Battle to save Corby’s woods

Barry Nichol is campaigning to save Corby's woodland areas.

Barry Nichol is campaigning to save Corby's woodland areas.

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Campaigners are calling on residents in the Corby area to fight to save the town’s disappearing woodlands.

They say too many woodland areas have been lost to make way for development and other sites are still under threat.

Now an appeal has been made for people who are concerned about the town’s areas of natural beauty to contact their borough and county councillors to register their concerns.

One of the campaigners, Barry Nichol, said: “I am asking all residents to join the ever-growing swell of public concern at the destruction of our local woodland and to emphasise the negative impact these developers are having on our environment please.

“The plantation site off Geddington Road is a 60-acre site was trashed six years ago under the pretext of a major development bringing hundreds of jobs to Corby.

“The reality is quite different, as we have no investment, no development and no jobs. Virtually all of the woodland surrounding Corby is now in the hands of developers.”

Plans are in the pipeline for a resource recovery park, off Gretton Brook Road, and a planning application has been submitted to Corby Council.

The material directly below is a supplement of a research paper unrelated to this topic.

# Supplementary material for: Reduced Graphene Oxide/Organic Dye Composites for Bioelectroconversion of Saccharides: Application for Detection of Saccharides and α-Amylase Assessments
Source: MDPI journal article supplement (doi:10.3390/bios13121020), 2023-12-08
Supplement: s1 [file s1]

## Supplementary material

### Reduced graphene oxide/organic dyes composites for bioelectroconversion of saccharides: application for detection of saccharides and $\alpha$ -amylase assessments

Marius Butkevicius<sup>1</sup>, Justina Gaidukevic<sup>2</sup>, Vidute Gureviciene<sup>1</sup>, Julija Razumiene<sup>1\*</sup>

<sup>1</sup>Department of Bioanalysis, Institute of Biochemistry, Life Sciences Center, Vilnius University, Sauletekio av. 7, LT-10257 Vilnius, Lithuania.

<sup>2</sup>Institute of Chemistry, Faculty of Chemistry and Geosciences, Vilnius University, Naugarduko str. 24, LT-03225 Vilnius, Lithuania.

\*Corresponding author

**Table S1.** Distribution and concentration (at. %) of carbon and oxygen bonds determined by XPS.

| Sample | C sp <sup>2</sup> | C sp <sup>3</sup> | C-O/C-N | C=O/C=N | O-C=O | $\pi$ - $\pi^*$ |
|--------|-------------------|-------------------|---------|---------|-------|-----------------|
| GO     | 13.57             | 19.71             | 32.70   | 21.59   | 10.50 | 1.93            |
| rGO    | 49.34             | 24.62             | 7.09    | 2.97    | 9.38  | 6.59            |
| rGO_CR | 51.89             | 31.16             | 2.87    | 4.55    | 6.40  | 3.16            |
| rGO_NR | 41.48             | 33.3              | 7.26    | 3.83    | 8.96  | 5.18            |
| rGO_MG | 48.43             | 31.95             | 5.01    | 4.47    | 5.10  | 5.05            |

Developers Gretton Brooks Estates Limited, say the scheme will generate more than £100m long-term investment for Corby, creating 814 temporary full-time jobs during its 10-year construction period and 3,000 jobs once it is fully operational.

Woodland and forestry management consultants Lockhart Garratt say some of the woodland on the proposed site is poor quality and that the resource recovery park will mean replanting can be undertaken in the area.

The plans include the creation of a community woodland with glades, grassland rides, ponds and wetlands which will be open to the public for walking, cycling, bird-watching, picnics and nature trails.

Mr Nichol said: “We have a similar senario to Geddington Road unfolding at Gretton with yet another developer promising untold jobs at the expense of many hectares of long-established woodland.

“I am asking people to please lobby their local ward and county councilors to put a stop to this mindless destruction of our natural resources which, after all, really belongs to local people.”

Borough councillor Rob McKellar, who launched the campaign against the recovery park, said: “The Brookfield waste plant planning application is still under consideration by Corby Council’s planning department.

“An indication has been given from within the department that the matter may not be referred to committee until as late as September. Until then the campaign to oppose it will continue.

“The waste plant is not a done deal.”